I’m hesitant about vampires.
I wouldn’t go so far as to say I’m anti-vampire—an increasingly common stance in the post-Twilight world—but I do approach books about them with some degree of skepticism. They are, as a trope, a bit shopworn, and the sheer volume of stories about them have worn several crisscrossing ruts in the narrative earth. A careless write can all-too-easily slip into one, and find themselves unable to extract their story from its cliched depths.
As such, I read the first pages of John Ajvide Lindqvist’s book uncertain as to whether I’d bother finishing it. Part of this reluctance came from the fact that I couldn’t quite remember why it was I’d requested it in the first place—due to a processing error at my local library, I received my copy about 18 months after I’d put a hold on it. What passing whimsy first sparked my interest I’ve no idea.
In any case, I read the first chapter reluctantly, but after fifty pages or so my reluctance vanished. While it opens with a fairly common scene (shy protagonist, unpopular, beset by bullies), the story grows by maintaining the courage of its convictions. It treats vampirism not as an adolescent power fantasy, but as a terrible disease, which is how some of the earliest writers in the genre envisioned it.
Another strength is that it delves into the psychology of one of the more peculiar roles in the vampire mythos: the familiar. For those less familiar (no pun intended; seriously, I only noticed this while proofreading) with vampire fiction, a familiar is a vampire’s human servant and protector, performing the tasks that the vampire, exiled from daylight, cannot. Usually, the familiar serves the vampire with the hopes of one day joining his ranks. In Let the Right One In, his motives are different. The familiar, a middle-aged man named Håkan, has no interest in becoming a vampire himself. Instead, he goes about his grisly duties in order to feed his own particular hunger, one that is, in its way, just as sinister as the vampire’s.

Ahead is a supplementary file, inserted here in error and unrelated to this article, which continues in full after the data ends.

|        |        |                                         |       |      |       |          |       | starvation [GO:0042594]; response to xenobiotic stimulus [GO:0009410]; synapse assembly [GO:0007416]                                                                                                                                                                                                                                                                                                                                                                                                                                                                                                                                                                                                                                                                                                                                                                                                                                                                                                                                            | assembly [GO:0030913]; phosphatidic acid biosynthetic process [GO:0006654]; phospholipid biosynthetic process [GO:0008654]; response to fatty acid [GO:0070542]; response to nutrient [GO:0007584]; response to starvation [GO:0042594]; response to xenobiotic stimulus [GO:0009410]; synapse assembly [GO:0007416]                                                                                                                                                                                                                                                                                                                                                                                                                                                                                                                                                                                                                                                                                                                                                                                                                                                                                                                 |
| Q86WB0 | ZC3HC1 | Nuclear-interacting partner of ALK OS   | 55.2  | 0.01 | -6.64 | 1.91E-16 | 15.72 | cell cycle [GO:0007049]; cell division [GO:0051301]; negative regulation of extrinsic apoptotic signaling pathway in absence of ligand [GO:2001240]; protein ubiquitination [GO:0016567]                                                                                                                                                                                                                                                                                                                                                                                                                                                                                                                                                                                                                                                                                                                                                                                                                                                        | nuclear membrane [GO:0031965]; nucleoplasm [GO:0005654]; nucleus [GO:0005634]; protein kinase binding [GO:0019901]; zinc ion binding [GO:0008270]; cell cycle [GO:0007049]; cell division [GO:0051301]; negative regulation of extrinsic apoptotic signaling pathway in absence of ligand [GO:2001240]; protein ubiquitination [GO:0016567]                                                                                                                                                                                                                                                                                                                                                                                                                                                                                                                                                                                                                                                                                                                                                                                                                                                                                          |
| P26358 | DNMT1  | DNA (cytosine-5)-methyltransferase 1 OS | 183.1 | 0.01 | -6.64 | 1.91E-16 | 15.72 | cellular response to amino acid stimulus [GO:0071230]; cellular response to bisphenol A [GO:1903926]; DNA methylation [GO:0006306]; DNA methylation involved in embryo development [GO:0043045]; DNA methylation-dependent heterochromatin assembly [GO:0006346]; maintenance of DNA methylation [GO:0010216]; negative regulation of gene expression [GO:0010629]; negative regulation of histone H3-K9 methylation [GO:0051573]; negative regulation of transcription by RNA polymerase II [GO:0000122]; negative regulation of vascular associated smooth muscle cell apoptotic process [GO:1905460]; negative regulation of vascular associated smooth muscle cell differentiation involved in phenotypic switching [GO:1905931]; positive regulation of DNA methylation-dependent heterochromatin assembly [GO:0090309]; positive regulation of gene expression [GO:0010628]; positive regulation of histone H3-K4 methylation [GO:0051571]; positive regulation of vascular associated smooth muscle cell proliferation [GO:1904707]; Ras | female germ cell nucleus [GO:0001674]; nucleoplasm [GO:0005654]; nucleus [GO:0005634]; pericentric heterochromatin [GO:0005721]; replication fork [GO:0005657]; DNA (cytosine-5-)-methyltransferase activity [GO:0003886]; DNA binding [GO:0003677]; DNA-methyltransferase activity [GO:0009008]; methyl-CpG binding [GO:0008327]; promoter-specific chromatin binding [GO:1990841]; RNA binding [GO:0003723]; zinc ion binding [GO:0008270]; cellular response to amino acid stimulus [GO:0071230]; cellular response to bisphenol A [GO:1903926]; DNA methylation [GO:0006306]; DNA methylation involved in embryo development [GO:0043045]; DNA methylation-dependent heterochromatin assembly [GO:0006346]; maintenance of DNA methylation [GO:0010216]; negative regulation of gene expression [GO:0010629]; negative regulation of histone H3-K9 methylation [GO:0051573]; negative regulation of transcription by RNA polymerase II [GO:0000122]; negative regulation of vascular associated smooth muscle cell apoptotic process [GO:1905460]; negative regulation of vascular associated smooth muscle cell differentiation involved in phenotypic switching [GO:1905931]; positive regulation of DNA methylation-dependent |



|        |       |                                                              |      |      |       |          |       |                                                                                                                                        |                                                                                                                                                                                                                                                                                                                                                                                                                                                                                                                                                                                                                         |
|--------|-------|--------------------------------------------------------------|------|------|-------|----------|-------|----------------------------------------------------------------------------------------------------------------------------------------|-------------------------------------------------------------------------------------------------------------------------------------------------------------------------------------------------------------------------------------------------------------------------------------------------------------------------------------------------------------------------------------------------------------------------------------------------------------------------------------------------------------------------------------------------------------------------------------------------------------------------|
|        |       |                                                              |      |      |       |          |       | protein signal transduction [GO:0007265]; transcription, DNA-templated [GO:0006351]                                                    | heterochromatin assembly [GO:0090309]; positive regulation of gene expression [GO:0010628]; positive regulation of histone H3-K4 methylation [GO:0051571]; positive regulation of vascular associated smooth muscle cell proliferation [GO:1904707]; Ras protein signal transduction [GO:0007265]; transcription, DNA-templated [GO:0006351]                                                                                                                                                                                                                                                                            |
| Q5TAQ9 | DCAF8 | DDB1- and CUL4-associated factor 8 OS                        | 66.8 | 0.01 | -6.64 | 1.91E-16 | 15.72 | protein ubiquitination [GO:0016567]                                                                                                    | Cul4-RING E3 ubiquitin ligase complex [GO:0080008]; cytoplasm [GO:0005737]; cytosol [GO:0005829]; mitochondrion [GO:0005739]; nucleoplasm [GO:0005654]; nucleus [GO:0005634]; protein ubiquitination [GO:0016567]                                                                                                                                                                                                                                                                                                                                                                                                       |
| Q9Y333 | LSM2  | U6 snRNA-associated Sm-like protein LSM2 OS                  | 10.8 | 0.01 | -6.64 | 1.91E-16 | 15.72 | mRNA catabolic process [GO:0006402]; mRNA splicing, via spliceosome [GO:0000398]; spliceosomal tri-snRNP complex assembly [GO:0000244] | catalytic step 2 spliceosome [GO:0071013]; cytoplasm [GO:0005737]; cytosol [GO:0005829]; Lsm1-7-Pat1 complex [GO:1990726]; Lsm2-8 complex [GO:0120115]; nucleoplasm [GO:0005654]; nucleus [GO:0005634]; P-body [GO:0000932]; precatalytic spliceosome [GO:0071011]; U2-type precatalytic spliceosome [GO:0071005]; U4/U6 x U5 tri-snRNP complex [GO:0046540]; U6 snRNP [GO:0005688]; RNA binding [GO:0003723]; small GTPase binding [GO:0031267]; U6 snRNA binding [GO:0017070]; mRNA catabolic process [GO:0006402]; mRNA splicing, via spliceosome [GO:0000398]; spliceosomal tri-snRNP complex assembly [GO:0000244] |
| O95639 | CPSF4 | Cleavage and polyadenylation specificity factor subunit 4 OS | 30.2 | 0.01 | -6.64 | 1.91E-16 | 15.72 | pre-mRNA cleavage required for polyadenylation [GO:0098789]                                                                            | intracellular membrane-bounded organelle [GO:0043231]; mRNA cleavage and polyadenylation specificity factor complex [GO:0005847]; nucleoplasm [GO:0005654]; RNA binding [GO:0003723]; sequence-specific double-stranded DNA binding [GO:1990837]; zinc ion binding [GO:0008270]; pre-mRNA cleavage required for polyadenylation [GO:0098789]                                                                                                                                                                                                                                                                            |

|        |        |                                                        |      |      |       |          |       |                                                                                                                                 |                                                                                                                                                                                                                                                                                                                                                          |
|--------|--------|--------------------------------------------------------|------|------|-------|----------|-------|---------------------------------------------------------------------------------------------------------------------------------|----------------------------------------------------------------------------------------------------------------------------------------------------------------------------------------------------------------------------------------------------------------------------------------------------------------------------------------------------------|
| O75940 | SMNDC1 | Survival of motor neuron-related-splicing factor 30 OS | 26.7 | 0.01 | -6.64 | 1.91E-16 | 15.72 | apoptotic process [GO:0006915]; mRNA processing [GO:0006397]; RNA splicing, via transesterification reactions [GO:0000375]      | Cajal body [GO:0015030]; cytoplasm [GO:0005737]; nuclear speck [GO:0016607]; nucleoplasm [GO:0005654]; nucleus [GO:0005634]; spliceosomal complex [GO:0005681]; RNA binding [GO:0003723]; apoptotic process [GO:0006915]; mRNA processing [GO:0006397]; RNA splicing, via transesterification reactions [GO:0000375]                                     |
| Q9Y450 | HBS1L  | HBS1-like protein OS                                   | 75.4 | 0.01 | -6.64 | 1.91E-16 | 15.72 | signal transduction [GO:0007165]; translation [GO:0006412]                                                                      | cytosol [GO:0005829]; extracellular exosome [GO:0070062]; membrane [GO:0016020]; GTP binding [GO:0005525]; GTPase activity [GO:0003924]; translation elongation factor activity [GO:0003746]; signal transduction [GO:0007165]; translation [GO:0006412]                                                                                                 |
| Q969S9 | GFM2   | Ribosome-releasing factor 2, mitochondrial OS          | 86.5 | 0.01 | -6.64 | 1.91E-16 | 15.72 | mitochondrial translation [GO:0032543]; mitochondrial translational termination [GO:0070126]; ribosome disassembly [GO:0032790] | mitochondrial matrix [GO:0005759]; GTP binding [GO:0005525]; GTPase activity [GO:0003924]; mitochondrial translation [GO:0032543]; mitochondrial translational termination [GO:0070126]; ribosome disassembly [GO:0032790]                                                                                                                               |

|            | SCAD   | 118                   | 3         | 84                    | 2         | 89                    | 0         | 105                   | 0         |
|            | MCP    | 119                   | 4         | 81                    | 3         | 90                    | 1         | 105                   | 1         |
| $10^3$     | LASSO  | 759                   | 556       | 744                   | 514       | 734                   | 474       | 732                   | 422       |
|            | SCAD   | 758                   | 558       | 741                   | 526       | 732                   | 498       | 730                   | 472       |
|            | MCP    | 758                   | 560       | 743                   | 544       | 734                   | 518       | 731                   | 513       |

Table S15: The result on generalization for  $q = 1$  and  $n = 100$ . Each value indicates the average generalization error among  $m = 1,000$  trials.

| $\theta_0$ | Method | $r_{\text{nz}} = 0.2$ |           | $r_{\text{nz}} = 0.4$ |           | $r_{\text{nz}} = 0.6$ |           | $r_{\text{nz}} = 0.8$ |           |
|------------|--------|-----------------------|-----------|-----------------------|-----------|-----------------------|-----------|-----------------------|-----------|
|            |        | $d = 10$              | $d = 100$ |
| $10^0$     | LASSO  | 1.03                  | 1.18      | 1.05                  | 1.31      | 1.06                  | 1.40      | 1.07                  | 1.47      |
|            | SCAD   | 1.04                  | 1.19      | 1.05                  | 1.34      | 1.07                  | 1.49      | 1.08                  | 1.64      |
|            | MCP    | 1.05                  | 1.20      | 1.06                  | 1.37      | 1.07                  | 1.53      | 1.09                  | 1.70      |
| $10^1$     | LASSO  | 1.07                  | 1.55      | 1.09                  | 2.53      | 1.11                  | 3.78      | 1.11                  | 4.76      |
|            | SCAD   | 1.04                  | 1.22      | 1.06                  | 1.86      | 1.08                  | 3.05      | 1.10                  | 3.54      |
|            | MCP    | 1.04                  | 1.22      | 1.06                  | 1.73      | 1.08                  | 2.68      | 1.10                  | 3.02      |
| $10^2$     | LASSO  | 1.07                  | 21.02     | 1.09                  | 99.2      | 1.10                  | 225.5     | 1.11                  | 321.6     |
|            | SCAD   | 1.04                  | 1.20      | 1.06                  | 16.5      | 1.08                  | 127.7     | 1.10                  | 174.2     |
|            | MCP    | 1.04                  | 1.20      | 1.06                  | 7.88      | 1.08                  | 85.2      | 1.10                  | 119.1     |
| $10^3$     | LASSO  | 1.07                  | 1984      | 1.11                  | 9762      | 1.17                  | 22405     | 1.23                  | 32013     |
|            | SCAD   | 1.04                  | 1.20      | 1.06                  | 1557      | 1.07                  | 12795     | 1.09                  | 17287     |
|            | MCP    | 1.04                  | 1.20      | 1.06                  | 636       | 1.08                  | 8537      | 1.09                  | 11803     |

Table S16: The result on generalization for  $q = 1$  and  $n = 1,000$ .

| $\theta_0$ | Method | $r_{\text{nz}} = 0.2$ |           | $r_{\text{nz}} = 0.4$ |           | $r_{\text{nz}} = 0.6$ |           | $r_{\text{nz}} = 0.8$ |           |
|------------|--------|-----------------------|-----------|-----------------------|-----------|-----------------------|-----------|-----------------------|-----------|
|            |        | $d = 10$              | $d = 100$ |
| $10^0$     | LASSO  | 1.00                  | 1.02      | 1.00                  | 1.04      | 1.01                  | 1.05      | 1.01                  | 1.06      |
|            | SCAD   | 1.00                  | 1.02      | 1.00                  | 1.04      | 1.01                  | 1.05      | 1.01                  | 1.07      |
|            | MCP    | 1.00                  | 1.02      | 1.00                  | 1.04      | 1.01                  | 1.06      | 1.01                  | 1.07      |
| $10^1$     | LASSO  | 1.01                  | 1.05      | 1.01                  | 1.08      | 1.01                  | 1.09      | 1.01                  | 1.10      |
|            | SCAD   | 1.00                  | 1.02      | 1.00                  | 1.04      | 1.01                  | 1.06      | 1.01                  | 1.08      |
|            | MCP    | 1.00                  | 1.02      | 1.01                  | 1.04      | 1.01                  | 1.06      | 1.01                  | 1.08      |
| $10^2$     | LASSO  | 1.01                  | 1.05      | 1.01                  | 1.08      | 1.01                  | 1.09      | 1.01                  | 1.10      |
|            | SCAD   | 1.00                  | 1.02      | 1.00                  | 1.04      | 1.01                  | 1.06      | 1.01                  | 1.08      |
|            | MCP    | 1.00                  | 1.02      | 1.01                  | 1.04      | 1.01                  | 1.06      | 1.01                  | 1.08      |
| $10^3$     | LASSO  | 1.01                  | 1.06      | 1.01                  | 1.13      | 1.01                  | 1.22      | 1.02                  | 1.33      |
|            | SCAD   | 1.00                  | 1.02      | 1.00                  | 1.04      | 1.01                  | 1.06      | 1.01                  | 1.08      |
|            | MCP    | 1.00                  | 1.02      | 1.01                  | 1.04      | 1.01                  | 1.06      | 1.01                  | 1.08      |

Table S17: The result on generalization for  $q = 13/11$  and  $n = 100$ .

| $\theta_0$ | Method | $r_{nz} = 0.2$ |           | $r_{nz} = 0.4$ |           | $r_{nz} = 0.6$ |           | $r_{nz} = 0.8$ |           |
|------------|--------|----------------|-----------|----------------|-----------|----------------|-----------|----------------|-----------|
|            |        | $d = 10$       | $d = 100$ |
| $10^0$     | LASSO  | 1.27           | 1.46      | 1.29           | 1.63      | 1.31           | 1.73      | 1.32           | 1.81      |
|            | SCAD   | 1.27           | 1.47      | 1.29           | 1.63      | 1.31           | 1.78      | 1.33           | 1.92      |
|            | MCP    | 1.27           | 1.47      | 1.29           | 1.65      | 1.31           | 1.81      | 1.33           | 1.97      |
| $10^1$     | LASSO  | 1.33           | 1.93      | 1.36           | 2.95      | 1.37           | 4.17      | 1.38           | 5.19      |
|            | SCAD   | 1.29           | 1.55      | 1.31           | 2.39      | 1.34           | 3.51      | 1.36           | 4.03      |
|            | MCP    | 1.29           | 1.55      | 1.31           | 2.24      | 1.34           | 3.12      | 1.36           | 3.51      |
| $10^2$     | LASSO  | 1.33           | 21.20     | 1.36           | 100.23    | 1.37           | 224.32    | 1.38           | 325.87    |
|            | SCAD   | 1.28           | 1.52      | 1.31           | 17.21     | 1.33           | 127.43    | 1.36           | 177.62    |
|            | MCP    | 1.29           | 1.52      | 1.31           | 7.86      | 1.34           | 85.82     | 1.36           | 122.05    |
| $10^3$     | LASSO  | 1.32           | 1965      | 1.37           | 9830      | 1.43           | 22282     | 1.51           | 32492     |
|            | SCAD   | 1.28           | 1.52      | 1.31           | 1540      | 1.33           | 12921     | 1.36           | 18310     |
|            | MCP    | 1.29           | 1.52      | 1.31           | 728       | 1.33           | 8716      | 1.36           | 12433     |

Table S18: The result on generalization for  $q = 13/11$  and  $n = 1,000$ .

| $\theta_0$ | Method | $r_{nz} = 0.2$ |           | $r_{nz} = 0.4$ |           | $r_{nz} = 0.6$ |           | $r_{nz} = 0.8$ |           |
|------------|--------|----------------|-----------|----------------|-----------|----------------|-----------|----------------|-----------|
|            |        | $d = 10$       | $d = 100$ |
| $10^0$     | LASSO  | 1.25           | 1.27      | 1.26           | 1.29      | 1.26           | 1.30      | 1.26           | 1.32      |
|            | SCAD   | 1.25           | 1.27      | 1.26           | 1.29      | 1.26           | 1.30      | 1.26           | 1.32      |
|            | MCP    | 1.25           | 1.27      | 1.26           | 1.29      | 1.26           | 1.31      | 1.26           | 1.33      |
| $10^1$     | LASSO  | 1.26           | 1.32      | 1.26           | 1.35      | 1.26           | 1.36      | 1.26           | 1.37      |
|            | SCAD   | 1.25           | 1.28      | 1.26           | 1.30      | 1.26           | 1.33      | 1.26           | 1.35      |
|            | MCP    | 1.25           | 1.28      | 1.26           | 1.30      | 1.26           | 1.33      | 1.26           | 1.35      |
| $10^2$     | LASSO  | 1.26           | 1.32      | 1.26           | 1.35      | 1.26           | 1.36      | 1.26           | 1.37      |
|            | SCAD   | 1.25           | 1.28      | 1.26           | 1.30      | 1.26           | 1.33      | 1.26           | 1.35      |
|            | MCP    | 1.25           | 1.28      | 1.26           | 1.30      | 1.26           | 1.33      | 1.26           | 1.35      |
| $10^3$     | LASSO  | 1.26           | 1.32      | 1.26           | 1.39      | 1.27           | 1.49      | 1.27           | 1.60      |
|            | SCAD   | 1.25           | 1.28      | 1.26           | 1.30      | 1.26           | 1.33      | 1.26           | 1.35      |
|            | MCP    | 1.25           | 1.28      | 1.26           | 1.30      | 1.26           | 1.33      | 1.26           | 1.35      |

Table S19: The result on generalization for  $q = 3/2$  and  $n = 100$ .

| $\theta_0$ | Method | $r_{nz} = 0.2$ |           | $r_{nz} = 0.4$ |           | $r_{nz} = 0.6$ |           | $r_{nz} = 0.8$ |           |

I hesitate to comment on the prose, as the book is in translation from the Swedish, but he version I read was well-written, lyrical without being too flowery, though the occasional over-reliance on sentence fragments stuck out.
All in all, I’d recommend Let the Right One In for readers seeking a thoughtful, modern take on a classic trope, and those who can handle taboo subjects and a bit of gore.